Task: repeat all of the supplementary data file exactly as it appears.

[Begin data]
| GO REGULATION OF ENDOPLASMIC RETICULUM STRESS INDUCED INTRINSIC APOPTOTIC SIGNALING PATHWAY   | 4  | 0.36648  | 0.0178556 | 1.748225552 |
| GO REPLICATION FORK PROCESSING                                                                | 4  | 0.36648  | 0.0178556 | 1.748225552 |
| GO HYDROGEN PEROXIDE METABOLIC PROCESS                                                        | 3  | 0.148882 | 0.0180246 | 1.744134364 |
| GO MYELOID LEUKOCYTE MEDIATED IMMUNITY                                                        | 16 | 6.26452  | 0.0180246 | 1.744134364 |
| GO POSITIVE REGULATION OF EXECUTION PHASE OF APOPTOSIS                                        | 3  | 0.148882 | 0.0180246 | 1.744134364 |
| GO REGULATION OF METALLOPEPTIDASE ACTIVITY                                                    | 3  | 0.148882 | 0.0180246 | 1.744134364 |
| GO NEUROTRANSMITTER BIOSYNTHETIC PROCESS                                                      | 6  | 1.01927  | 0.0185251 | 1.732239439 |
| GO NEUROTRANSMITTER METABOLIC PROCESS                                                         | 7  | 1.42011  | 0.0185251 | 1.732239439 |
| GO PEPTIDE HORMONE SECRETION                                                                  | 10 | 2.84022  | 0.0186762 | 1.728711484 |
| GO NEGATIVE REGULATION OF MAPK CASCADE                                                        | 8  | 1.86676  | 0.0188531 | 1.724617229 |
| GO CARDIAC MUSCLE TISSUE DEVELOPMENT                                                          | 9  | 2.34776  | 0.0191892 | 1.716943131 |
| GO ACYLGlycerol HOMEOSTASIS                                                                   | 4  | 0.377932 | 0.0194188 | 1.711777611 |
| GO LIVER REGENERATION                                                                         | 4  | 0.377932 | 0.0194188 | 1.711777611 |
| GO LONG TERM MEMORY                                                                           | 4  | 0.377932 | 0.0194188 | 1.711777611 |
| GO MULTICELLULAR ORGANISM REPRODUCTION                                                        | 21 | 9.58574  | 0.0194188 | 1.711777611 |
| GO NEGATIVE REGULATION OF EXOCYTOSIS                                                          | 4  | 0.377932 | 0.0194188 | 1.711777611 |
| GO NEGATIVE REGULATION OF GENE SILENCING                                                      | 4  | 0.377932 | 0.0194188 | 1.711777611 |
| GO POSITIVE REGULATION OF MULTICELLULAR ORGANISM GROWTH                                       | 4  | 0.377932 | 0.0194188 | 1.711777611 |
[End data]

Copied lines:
| GO REGULATION OF ENDOPLASMIC RETICULUM STRESS INDUCED INTRINSIC APOPTOTIC SIGNALING PATHWAY   | 4  | 0.36648  | 0.0178556 | 1.748225552 |
| GO REPLICATION FORK PROCESSING                                                                | 4  | 0.36648  | 0.0178556 | 1.748225552 |
| GO HYDROGEN PEROXIDE METABOLIC PROCESS                                                        | 3  | 0.148882 | 0.0180246 | 1.744134364 |
| GO MYELOID LEUKOCYTE MEDIATED IMMUNITY                                                        | 16 | 6.26452  | 0.0180246 | 1.744134364 |
| GO POSITIVE REGULATION OF EXECUTION PHASE OF APOPTOSIS                                        | 3  | 0.148882 | 0.0180246 | 1.744134364 |
| GO REGULATION OF METALLOPEPTIDASE ACTIVITY                                                    | 3  | 0.148882 | 0.0180246 | 1.744134364 |
| GO NEUROTRANSMITTER BIOSYNTHETIC PROCESS                                                      | 6  | 1.01927  | 0.0185251 | 1.732239439 |
| GO NEUROTRANSMITTER METABOLIC PROCESS                                                         | 7  | 1.42011  | 0.0185251 | 1.732239439 |
| GO PEPTIDE HORMONE SECRETION                                                                  | 10 | 2.84022  | 0.0186762 | 1.728711484 |
| GO NEGATIVE REGULATION OF MAPK CASCADE                                                        | 8  | 1.86676  | 0.0188531 | 1.724617229 |
| GO CARDIAC MUSCLE TISSUE DEVELOPMENT                                                          | 9  | 2.34776  | 0.0191892 | 1.716943131 |
| GO ACYLGlycerol HOMEOSTASIS                                                                   | 4  | 0.377932 | 0.0194188 | 1.711777611 |
| GO LIVER REGENERATION                                                                         | 4  | 0.377932 | 0.0194188 | 1.711777611 |
| GO LONG TERM MEMORY                                                                           | 4  | 0.377932 | 0.0194188 | 1.711777611 |
| GO MULTICELLULAR ORGANISM REPRODUCTION                                                        | 21 | 9.58574  | 0.0194188 | 1.711777611 |
| GO NEGATIVE REGULATION OF EXOCYTOSIS                                                          | 4  | 0.377932 | 0.0194188 | 1.711777611 |
| GO NEGATIVE REGULATION OF GENE SILENCING                                                      | 4  | 0.377932 | 0.0194188 | 1.711777611 |
| GO POSITIVE REGULATION OF MULTICELLULAR ORGANISM GROWTH                                       | 4  | 0.377932 | 0.0194188 | 1.711777611 |